# Emergent Liquid Column corrections for Liquid-In-Glass Thermometers

A liquid-in-glass (LIG) thermometer uses the thermal expansion of a liquid as the thermometric property. If the immersion depth of the thermometer in the medium of interest is changed from total to partial, the temperature of a part of the liquid column changes, its volume changes (because of thermal contraction or expansion), and the reading of the thermometer changes. (Note: This only happens if the medium of interest is at a different temperature from the surroundings. The further from room temperature is the medium of interest, the larger is the effect.) Consider the mercury-in-glass thermometer in the sketch above: At total immersion, all of the mercury is at the bath temperature (100 °C) and the reading is 100.0 °C. When its immersion is reduced to the -10 °C mark, much of the liquid column is outside the bath (this is the “emergent” liquid column), at an average temperature somewhere between the bath temperature (100 °C) and room temperature (20 °C). (It is typically closer to room temperature than to the bath temperature.) Being at a lower temperature, its volume is less, and therefore the thermometer reading is lower (99.3 °C).

Q: Can we calculate how much the thermometer reading will change, with a change in immersion?

A: Yes, if we know the thermal expansion coefficient of the liquid (K), the length of the Emergent Liquid Column (N, expressed in °C on the thermometer scale), and the difference between the temperatures of the liquid column in the two cases (T[LC1] – T[LC2]). Then, the difference in thermometer readings between case 1 (total immersion) and case 2 (partial immersion) is K x N x (T[LC1] – T[LC2]).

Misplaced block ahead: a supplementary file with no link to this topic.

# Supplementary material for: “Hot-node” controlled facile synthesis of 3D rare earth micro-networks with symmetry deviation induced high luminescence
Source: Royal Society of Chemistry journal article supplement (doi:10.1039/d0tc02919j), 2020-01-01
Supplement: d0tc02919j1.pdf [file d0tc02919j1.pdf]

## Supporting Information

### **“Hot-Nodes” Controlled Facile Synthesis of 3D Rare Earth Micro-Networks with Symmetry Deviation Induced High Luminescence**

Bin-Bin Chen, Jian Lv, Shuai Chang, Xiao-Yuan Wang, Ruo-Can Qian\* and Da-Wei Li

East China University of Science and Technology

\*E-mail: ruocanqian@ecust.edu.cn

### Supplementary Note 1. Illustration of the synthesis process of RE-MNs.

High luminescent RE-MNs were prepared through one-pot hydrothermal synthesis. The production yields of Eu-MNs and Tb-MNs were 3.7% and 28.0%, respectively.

The thermal expansion coefficient of mercury is K = 0.00016 per °C. (It’s about six times larger, 0.001 per °C, for ethanol.)

The length of the ELC in the partial immersion case is N = 100 °C – (-10 °C) = 110 °C. (To be precise, it is 109.3 °C, but an error of one percent is quite acceptable in such a calculation.)

In case 1 (total immersion), the liquid column is at the same temperature as the bath, that is, T[LC1] = 100 °C. In case 2 (partial immersion), we make a crude approximation, that the ELC is halfway between the bath temperature and room temperature, T[LC2] = (100 °C + 20 °C) / 2 = 60 °C. So, T[LC1] – T[LC2] = 40 °C. (As noted above, the actual average ELC temperature will be closer to room temperature than this crude estimate.)

Therefore, reading(1) – reading(2) = 0.00016 per °C x 110 °C x 40 °C = 0.7 °C.

Q: In which case is the thermometer reading higher? (Or, in which direction should we apply the ELC correction?)

A: In that situation where the liquid column is hotter, the thermometer reading will be higher. (In the above example, the reading will be higher in case 1, at total immersion.)

Q: In the above example, we determined the difference between readings at total and partial immersion. Can we determine the difference between two different partial immersions?

A: Yes. Such a calculation may be performed by correcting from partial immersion 2 to total immersion (let’s continue calling total immersion “situation 1″), then from total immersion to partial immersion 3. However, if we make the approximation that the differences in ELC temperatures (T[LC1] – T[LC2] and T[LC1] – T[LC3]) are equal, then we can calculate the difference between situations 3 and 2 directly, as K x (N – N) x (T[LC1] – T[LC2]).